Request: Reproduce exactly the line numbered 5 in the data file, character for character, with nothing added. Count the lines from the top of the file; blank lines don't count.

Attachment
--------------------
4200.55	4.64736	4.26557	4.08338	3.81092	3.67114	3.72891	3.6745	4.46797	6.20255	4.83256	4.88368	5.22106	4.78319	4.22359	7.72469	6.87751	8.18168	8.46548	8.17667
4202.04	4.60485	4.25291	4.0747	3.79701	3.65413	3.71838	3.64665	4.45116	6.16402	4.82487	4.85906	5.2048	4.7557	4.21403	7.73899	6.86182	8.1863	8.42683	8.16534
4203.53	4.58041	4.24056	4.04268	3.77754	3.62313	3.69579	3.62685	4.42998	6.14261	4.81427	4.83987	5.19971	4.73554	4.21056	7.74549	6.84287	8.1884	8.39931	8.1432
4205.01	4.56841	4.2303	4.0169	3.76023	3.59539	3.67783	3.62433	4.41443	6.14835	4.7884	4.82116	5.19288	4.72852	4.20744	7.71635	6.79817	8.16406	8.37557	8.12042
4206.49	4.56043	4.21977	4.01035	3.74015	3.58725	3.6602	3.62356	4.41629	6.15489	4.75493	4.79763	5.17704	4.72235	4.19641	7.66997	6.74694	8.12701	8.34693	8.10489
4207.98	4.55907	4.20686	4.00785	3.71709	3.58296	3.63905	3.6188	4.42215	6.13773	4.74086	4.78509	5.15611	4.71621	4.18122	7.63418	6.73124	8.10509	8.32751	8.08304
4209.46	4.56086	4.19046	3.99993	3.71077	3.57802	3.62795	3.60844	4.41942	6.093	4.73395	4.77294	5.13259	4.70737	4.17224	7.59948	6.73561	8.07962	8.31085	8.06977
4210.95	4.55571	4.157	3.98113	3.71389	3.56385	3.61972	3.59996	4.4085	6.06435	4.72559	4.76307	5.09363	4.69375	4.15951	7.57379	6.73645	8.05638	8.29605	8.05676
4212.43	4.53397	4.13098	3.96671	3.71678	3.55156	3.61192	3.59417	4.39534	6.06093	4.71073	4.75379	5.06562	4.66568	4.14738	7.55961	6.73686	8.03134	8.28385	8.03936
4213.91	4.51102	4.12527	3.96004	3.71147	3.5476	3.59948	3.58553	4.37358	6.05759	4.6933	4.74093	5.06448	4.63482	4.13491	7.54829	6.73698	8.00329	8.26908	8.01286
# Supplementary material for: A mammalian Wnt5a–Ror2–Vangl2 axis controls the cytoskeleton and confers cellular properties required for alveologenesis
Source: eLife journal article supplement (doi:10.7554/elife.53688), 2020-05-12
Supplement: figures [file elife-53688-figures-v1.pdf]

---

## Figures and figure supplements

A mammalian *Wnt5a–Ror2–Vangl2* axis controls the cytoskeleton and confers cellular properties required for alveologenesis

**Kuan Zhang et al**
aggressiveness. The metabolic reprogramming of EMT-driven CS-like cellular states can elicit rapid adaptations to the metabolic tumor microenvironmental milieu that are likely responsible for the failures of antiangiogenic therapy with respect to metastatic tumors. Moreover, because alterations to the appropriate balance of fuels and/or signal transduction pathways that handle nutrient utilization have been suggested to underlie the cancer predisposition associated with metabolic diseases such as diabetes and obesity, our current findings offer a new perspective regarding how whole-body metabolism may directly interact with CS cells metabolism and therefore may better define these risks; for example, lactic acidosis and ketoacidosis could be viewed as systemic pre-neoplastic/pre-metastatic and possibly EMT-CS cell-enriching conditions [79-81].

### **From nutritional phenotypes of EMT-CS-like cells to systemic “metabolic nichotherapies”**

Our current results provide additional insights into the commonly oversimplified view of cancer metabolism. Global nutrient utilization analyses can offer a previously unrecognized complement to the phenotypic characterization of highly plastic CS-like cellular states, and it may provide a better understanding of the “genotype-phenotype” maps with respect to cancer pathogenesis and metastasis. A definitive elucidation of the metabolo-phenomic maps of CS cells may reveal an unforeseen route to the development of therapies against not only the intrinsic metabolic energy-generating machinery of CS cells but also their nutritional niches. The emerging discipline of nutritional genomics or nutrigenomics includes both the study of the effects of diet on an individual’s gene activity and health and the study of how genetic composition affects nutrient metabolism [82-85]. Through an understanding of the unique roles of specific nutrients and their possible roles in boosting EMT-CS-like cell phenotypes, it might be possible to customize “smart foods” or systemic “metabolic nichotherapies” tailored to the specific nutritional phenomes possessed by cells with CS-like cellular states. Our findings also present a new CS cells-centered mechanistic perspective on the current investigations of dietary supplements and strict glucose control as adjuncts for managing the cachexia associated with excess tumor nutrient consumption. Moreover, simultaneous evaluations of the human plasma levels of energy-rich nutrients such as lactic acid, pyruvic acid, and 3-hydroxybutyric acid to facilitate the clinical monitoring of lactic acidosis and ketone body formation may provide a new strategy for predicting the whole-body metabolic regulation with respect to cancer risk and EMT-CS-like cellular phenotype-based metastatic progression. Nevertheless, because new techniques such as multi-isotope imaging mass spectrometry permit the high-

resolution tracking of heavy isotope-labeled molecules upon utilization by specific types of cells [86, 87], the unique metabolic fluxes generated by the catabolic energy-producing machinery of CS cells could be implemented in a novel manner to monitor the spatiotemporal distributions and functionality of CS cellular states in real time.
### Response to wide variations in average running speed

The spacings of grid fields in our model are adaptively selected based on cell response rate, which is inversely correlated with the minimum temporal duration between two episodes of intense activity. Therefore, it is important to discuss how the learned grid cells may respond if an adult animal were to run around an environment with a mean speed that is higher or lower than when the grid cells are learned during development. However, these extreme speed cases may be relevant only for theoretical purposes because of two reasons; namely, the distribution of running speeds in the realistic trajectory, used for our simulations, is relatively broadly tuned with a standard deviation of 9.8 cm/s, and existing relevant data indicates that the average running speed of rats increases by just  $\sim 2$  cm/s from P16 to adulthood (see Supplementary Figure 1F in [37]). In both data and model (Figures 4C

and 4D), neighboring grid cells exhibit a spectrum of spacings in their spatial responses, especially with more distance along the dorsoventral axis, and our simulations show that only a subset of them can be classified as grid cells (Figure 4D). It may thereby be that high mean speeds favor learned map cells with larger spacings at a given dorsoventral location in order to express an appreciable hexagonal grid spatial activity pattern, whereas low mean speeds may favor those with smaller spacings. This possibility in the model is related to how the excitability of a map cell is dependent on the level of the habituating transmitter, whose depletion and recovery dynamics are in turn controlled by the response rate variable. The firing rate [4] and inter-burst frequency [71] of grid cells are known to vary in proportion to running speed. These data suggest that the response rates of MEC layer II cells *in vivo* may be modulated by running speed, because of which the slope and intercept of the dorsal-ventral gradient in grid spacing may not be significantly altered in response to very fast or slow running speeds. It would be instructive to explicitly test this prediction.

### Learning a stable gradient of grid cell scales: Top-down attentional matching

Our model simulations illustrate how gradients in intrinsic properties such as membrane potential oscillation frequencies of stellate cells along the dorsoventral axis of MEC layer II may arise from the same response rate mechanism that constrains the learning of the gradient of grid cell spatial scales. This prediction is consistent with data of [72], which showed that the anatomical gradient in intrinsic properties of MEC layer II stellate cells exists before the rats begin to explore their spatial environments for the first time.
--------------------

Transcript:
4206.49	4.56043	4.21977	4.01035	3.74015	3.58725	3.6602	3.62356	4.41629	6.15489	4.75493	4.79763	5.17704	4.72235	4.19641	7.66997	6.74694	8.12701	8.34693	8.10489